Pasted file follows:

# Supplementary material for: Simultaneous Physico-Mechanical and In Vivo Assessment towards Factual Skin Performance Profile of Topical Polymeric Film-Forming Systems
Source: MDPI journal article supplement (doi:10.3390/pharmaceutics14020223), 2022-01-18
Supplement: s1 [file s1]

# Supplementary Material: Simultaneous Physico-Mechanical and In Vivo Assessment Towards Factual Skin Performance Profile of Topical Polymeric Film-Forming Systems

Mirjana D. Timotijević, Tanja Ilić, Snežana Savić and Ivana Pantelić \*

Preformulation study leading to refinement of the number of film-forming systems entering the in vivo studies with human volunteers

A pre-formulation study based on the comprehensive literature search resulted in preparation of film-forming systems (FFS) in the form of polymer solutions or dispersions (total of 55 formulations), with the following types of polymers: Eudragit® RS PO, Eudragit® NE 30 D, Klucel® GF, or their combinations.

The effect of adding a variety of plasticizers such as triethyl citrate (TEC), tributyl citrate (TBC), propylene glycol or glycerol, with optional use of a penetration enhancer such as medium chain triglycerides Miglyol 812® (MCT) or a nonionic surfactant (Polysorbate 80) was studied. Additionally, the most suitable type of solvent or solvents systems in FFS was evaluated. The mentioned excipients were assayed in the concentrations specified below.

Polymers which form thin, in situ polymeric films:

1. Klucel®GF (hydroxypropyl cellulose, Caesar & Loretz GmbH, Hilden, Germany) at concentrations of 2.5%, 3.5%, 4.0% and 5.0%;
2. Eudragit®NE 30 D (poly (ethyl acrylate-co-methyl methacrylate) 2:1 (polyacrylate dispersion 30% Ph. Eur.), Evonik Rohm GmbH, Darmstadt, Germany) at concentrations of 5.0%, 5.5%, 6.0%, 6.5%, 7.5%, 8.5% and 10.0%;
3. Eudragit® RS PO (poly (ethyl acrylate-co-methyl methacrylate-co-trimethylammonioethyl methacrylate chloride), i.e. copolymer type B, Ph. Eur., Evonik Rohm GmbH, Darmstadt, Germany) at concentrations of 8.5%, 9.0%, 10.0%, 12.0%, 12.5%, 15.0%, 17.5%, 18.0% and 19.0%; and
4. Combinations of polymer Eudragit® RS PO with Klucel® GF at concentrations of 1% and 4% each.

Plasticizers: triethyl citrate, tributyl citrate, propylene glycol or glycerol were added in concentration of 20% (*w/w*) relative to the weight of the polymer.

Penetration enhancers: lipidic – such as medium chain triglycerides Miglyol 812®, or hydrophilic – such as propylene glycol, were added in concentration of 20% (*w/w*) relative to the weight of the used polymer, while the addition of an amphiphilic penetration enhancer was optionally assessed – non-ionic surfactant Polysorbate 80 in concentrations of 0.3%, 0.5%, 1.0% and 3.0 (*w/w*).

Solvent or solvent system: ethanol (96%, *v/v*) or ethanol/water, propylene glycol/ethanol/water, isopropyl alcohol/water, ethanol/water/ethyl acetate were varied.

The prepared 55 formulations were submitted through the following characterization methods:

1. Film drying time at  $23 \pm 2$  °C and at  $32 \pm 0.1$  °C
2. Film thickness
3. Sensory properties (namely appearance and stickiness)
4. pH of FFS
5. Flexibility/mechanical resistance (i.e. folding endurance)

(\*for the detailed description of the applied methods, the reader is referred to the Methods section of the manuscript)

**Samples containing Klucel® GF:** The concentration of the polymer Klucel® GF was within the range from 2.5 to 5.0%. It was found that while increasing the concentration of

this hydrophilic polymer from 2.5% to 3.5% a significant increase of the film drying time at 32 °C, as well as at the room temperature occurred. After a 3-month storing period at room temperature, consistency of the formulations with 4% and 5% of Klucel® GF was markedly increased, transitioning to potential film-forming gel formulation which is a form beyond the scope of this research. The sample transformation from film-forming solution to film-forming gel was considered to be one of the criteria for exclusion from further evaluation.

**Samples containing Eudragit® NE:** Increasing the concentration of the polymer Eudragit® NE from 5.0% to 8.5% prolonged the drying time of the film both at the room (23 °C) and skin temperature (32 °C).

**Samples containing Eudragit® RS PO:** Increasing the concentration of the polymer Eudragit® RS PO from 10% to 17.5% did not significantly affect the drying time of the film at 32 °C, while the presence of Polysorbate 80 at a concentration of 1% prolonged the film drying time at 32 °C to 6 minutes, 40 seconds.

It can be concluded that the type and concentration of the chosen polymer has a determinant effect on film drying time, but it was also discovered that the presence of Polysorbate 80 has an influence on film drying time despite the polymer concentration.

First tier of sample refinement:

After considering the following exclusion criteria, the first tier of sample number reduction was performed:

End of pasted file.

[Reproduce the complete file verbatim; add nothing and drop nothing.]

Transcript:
# Supplementary material for: Simultaneous Physico-Mechanical and In Vivo Assessment towards Factual Skin Performance Profile of Topical Polymeric Film-Forming Systems
Source: MDPI journal article supplement (doi:10.3390/pharmaceutics14020223), 2022-01-18
Supplement: s1 [file s1]

# Supplementary Material: Simultaneous Physico-Mechanical and In Vivo Assessment Towards Factual Skin Performance Profile of Topical Polymeric Film-Forming Systems

Mirjana D. Timotijević, Tanja Ilić, Snežana Savić and Ivana Pantelić \*

Preformulation study leading to refinement of the number of film-forming systems entering the in vivo studies with human volunteers

A pre-formulation study based on the comprehensive literature search resulted in preparation of film-forming systems (FFS) in the form of polymer solutions or dispersions (total of 55 formulations), with the following types of polymers: Eudragit® RS PO, Eudragit® NE 30 D, Klucel® GF, or their combinations.

The effect of adding a variety of plasticizers such as triethyl citrate (TEC), tributyl citrate (TBC), propylene glycol or glycerol, with optional use of a penetration enhancer such as medium chain triglycerides Miglyol 812® (MCT) or a nonionic surfactant (Polysorbate 80) was studied. Additionally, the most suitable type of solvent or solvents systems in FFS was evaluated. The mentioned excipients were assayed in the concentrations specified below.

Polymers which form thin, in situ polymeric films:

1. Klucel®GF (hydroxypropyl cellulose, Caesar & Loretz GmbH, Hilden, Germany) at concentrations of 2.5%, 3.5%, 4.0% and 5.0%;
2. Eudragit®NE 30 D (poly (ethyl acrylate-co-methyl methacrylate) 2:1 (polyacrylate dispersion 30% Ph. Eur.), Evonik Rohm GmbH, Darmstadt, Germany) at concentrations of 5.0%, 5.5%, 6.0%, 6.5%, 7.5%, 8.5% and 10.0%;
3. Eudragit® RS PO (poly (ethyl acrylate-co-methyl methacrylate-co-trimethylammonioethyl methacrylate chloride), i.e. copolymer type B, Ph. Eur., Evonik Rohm GmbH, Darmstadt, Germany) at concentrations of 8.5%, 9.0%, 10.0%, 12.0%, 12.5%, 15.0%, 17.5%, 18.0% and 19.0%; and
4. Combinations of polymer Eudragit® RS PO with Klucel® GF at concentrations of 1% and 4% each.

Plasticizers: triethyl citrate, tributyl citrate, propylene glycol or glycerol were added in concentration of 20% (*w/w*) relative to the weight of the polymer.

Penetration enhancers: lipidic – such as medium chain triglycerides Miglyol 812®, or hydrophilic – such as propylene glycol, were added in concentration of 20% (*w/w*) relative to the weight of the used polymer, while the addition of an amphiphilic penetration enhancer was optionally assessed – non-ionic surfactant Polysorbate 80 in concentrations of 0.3%, 0.5%, 1.0% and 3.0 (*w/w*).

Solvent or solvent system: ethanol (96%, *v/v*) or ethanol/water, propylene glycol/ethanol/water, isopropyl alcohol/water, ethanol/water/ethyl acetate were varied.

The prepared 55 formulations were submitted through the following characterization methods:

1. Film drying time at  $23 \pm 2$  °C and at  $32 \pm 0.1$  °C
2. Film thickness
3. Sensory properties (namely appearance and stickiness)
4. pH of FFS
5. Flexibility/mechanical resistance (i.e. folding endurance)

(\*for the detailed description of the applied methods, the reader is referred to the Methods section of the manuscript)

**Samples containing Klucel® GF:** The concentration of the polymer Klucel® GF was within the range from 2.5 to 5.0%. It was found that while increasing the concentration of

this hydrophilic polymer from 2.5% to 3.5% a significant increase of the film drying time at 32 °C, as well as at the room temperature occurred. After a 3-month storing period at room temperature, consistency of the formulations with 4% and 5% of Klucel® GF was markedly increased, transitioning to potential film-forming gel formulation which is a form beyond the scope of this research. The sample transformation from film-forming solution to film-forming gel was considered to be one of the criteria for exclusion from further evaluation.

**Samples containing Eudragit® NE:** Increasing the concentration of the polymer Eudragit® NE from 5.0% to 8.5% prolonged the drying time of the film both at the room (23 °C) and skin temperature (32 °C).

**Samples containing Eudragit® RS PO:** Increasing the concentration of the polymer Eudragit® RS PO from 10% to 17.5% did not significantly affect the drying time of the film at 32 °C, while the presence of Polysorbate 80 at a concentration of 1% prolonged the film drying time at 32 °C to 6 minutes, 40 seconds.

It can be concluded that the type and concentration of the chosen polymer has a determinant effect on film drying time, but it was also discovered that the presence of Polysorbate 80 has an influence on film drying time despite the polymer concentration.

First tier of sample refinement:

After considering the following exclusion criteria, the first tier of sample number reduction was performed: